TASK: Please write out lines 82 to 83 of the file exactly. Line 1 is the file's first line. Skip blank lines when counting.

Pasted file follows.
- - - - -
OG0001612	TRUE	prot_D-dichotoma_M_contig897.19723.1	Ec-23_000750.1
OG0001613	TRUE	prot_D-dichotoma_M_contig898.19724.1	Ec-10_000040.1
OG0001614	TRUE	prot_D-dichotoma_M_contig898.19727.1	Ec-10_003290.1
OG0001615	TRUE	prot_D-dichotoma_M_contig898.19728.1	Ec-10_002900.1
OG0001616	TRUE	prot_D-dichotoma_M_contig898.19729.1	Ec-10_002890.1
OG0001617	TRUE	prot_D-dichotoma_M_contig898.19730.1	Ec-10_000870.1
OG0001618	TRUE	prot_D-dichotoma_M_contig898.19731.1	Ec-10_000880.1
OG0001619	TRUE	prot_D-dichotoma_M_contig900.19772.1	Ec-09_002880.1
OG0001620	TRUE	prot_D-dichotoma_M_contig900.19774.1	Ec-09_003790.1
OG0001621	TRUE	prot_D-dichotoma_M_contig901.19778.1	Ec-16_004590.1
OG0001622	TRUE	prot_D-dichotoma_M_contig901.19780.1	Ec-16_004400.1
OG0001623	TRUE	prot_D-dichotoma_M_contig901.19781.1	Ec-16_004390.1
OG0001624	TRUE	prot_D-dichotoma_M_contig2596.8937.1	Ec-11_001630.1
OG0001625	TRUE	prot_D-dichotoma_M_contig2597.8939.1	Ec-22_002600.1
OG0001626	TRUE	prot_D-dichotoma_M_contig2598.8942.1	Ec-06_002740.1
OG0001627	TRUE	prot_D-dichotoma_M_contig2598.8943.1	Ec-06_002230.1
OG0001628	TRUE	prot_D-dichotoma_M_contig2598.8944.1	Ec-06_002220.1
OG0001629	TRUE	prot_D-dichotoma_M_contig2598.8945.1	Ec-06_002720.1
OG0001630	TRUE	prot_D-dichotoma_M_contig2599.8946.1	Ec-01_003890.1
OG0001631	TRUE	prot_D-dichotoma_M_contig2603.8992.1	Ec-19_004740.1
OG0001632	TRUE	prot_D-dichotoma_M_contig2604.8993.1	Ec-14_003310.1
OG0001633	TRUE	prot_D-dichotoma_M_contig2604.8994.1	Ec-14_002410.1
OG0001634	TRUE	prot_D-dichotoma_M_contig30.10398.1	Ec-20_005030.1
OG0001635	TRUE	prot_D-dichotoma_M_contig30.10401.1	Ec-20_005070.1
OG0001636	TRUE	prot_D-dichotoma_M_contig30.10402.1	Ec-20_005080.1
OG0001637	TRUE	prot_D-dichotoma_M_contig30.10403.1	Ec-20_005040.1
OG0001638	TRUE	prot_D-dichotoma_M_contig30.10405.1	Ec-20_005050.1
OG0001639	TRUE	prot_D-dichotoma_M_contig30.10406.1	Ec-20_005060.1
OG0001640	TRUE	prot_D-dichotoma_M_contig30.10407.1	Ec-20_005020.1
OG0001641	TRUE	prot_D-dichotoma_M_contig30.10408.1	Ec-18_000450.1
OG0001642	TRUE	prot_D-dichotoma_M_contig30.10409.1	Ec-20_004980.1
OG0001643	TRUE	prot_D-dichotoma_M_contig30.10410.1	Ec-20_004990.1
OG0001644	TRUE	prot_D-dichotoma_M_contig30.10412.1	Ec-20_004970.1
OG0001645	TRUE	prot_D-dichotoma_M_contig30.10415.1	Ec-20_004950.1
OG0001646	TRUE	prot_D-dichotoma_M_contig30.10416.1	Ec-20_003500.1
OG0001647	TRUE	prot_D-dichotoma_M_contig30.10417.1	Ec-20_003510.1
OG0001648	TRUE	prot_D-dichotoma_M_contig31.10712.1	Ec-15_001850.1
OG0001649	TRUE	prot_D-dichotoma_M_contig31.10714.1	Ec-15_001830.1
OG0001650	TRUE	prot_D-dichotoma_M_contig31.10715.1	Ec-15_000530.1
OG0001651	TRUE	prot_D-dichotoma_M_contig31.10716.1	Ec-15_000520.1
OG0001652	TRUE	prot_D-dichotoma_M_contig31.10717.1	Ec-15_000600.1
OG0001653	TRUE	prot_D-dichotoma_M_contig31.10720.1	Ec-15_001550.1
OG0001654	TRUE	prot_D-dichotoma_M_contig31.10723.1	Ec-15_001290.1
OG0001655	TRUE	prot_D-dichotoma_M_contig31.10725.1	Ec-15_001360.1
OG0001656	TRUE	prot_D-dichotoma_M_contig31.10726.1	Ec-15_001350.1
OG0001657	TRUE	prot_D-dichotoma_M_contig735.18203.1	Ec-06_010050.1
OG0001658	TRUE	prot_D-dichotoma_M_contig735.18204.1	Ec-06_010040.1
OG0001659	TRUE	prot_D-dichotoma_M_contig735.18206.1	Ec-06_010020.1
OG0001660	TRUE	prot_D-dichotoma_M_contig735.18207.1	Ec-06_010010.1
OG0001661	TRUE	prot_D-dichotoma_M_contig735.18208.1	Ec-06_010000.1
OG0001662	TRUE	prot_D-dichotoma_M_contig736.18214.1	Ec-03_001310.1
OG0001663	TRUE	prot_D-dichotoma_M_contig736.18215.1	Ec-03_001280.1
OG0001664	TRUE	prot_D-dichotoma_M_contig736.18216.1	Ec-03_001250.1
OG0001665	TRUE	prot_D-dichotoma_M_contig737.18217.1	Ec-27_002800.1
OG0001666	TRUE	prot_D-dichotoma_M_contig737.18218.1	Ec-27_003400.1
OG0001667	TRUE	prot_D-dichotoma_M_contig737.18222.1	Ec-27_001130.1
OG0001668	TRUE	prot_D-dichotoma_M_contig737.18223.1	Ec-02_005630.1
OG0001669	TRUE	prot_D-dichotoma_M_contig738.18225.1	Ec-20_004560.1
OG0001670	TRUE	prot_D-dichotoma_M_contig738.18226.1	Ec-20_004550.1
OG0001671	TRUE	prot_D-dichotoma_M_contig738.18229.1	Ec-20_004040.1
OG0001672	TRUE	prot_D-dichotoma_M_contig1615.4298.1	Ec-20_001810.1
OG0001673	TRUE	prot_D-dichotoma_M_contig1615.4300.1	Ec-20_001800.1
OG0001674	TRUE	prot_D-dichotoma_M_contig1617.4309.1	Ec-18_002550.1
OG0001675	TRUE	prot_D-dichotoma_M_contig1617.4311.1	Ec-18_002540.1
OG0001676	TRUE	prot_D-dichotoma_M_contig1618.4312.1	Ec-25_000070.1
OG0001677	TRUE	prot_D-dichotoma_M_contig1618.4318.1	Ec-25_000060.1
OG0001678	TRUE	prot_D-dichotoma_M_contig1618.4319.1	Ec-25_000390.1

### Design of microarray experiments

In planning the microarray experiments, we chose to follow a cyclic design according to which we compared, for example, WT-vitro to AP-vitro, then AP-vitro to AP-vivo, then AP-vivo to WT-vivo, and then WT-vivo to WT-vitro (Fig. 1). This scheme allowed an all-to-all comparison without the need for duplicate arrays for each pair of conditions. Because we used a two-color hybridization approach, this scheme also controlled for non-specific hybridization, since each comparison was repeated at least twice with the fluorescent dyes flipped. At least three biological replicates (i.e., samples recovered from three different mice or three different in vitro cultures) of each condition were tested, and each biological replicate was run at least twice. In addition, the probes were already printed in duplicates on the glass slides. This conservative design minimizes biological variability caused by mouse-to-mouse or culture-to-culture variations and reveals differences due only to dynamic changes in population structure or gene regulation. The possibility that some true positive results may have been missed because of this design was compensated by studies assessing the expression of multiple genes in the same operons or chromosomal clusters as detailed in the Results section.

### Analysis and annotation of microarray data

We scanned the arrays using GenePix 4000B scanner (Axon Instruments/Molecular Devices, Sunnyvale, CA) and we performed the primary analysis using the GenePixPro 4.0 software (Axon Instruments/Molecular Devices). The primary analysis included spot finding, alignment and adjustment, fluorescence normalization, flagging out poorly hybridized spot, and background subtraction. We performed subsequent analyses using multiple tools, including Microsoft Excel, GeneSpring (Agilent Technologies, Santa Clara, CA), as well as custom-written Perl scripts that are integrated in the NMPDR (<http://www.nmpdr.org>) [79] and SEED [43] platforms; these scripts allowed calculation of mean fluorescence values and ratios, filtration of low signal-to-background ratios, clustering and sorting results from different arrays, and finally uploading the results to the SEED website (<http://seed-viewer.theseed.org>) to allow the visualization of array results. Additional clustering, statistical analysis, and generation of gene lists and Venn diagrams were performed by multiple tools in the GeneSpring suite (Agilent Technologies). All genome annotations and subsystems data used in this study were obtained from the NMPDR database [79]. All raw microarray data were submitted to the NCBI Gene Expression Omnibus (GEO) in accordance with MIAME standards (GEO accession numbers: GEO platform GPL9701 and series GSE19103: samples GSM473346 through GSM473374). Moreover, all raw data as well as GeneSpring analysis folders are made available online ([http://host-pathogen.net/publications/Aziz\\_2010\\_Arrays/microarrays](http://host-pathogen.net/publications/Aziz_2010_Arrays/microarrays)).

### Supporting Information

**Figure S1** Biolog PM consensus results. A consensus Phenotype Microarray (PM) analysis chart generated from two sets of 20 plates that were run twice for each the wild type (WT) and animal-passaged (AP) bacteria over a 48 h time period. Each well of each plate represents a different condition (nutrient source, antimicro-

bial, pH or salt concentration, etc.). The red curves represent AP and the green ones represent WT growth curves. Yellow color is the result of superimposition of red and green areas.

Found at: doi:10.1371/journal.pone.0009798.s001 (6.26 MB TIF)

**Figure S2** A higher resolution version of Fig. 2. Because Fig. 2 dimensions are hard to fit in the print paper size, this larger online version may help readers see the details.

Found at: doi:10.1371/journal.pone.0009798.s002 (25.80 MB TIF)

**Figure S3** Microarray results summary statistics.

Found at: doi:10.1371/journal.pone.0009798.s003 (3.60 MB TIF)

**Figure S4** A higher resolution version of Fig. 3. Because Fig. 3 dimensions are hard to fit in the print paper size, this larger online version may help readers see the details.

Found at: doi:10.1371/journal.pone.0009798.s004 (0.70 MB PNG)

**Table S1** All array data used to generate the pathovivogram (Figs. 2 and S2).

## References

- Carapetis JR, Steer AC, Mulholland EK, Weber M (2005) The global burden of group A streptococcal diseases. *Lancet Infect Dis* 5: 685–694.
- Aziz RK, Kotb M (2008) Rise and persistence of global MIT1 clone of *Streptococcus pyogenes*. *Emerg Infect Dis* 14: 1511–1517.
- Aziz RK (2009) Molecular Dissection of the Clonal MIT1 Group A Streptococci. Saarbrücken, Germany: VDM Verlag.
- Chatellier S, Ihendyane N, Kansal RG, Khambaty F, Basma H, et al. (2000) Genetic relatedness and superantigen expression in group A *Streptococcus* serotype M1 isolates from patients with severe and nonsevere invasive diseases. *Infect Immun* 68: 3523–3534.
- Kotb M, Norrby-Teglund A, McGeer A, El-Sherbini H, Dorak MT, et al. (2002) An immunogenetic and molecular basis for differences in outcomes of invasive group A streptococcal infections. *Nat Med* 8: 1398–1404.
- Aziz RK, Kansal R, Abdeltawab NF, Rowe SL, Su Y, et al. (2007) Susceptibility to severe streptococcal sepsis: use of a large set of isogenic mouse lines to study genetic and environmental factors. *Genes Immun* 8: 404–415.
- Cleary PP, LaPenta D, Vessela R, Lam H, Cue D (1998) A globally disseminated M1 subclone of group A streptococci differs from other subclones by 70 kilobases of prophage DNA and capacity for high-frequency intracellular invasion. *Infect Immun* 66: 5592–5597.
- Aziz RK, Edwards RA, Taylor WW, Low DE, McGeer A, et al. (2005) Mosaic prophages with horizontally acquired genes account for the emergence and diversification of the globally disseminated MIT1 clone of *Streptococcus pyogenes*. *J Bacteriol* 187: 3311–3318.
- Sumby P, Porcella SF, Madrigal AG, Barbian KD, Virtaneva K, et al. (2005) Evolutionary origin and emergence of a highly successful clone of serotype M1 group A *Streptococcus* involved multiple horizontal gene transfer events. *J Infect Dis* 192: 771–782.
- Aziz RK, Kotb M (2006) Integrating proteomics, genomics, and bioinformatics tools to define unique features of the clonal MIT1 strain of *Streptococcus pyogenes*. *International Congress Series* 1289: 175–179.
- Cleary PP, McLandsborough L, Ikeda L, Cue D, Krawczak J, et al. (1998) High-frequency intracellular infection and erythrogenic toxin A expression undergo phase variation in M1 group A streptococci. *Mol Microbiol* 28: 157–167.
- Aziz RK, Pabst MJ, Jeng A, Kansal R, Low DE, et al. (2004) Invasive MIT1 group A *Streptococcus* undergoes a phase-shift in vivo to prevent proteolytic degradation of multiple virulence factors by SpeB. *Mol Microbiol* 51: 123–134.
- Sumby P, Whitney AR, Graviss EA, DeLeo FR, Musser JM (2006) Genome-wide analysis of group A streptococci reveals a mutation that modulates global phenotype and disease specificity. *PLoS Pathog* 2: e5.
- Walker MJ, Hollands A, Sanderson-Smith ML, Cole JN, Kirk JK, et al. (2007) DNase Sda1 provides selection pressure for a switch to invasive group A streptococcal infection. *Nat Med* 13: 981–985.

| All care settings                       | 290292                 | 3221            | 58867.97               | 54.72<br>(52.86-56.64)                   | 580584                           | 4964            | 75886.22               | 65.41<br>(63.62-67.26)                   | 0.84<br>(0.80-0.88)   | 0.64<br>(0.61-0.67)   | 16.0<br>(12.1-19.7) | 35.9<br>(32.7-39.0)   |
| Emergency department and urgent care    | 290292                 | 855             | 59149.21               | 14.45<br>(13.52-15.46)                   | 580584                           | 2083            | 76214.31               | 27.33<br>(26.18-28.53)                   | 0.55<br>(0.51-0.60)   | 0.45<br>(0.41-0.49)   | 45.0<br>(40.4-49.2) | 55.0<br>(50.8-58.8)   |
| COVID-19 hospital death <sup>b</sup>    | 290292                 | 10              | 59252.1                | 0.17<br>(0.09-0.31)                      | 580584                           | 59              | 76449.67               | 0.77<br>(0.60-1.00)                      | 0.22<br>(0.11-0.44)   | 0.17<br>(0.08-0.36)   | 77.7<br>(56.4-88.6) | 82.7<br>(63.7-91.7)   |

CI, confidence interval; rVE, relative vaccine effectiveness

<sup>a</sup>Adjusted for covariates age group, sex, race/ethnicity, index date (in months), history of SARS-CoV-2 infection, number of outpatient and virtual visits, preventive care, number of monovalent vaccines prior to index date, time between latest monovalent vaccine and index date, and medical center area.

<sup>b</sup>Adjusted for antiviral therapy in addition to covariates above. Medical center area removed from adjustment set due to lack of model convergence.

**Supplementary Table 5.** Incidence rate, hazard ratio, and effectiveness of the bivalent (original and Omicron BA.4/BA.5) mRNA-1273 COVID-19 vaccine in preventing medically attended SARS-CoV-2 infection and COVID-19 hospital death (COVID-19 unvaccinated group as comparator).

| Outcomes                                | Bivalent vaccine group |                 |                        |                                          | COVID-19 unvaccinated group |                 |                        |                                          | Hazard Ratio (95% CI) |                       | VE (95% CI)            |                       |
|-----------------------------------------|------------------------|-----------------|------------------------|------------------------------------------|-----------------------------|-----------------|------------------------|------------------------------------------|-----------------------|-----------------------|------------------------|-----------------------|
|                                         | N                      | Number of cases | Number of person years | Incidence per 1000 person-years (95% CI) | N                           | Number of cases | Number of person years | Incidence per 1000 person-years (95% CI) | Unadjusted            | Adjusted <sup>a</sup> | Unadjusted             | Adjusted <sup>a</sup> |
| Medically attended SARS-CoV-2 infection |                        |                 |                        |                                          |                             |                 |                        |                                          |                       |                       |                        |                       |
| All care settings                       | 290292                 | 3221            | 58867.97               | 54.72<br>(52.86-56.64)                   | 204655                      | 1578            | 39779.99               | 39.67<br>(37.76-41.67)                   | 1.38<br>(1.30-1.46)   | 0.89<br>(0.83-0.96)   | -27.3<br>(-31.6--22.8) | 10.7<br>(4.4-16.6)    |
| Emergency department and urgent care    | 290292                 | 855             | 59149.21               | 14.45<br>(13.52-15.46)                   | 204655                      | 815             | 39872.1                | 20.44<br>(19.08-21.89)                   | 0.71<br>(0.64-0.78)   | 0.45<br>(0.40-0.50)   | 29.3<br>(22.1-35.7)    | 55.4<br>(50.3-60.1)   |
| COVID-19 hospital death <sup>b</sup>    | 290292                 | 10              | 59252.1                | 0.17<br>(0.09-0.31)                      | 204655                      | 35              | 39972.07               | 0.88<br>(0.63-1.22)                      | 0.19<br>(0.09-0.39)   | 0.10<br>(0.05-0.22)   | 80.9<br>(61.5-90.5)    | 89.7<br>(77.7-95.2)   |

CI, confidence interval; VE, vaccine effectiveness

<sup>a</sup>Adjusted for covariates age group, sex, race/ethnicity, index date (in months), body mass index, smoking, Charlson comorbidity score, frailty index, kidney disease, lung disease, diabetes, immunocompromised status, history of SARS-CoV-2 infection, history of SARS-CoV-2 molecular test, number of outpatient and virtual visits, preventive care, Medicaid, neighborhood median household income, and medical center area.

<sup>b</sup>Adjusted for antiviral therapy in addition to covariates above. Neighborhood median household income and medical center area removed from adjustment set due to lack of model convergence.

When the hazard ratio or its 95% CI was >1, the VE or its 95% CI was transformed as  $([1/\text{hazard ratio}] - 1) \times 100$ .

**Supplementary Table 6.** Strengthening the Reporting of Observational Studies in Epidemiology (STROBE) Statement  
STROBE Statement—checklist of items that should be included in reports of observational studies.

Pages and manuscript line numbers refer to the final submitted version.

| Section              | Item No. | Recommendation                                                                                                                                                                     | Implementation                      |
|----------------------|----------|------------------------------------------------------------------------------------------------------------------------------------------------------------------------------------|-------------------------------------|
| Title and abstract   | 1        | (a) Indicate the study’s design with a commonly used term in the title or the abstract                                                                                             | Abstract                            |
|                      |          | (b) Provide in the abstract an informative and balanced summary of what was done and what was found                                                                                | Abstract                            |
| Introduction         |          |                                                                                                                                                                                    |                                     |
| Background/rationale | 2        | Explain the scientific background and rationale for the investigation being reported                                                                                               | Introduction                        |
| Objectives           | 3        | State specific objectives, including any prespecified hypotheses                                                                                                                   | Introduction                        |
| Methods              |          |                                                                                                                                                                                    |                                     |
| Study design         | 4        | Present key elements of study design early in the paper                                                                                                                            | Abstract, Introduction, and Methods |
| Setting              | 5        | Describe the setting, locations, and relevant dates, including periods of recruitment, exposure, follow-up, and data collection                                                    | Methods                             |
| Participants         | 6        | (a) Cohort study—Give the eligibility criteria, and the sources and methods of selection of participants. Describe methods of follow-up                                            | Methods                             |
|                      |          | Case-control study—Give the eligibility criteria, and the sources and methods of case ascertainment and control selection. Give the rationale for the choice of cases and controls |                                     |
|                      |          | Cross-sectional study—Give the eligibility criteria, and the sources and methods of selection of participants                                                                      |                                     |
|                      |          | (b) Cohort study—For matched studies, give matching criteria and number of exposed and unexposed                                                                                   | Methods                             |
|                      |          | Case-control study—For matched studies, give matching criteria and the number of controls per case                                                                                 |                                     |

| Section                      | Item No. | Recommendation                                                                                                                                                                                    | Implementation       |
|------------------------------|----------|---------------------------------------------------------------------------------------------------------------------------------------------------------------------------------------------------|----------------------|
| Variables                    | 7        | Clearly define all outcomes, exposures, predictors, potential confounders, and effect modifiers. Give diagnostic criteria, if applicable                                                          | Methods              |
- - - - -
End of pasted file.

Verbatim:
**Table S1** All array data used to generate the pathovivogram (Figs. 2 and S2).

## References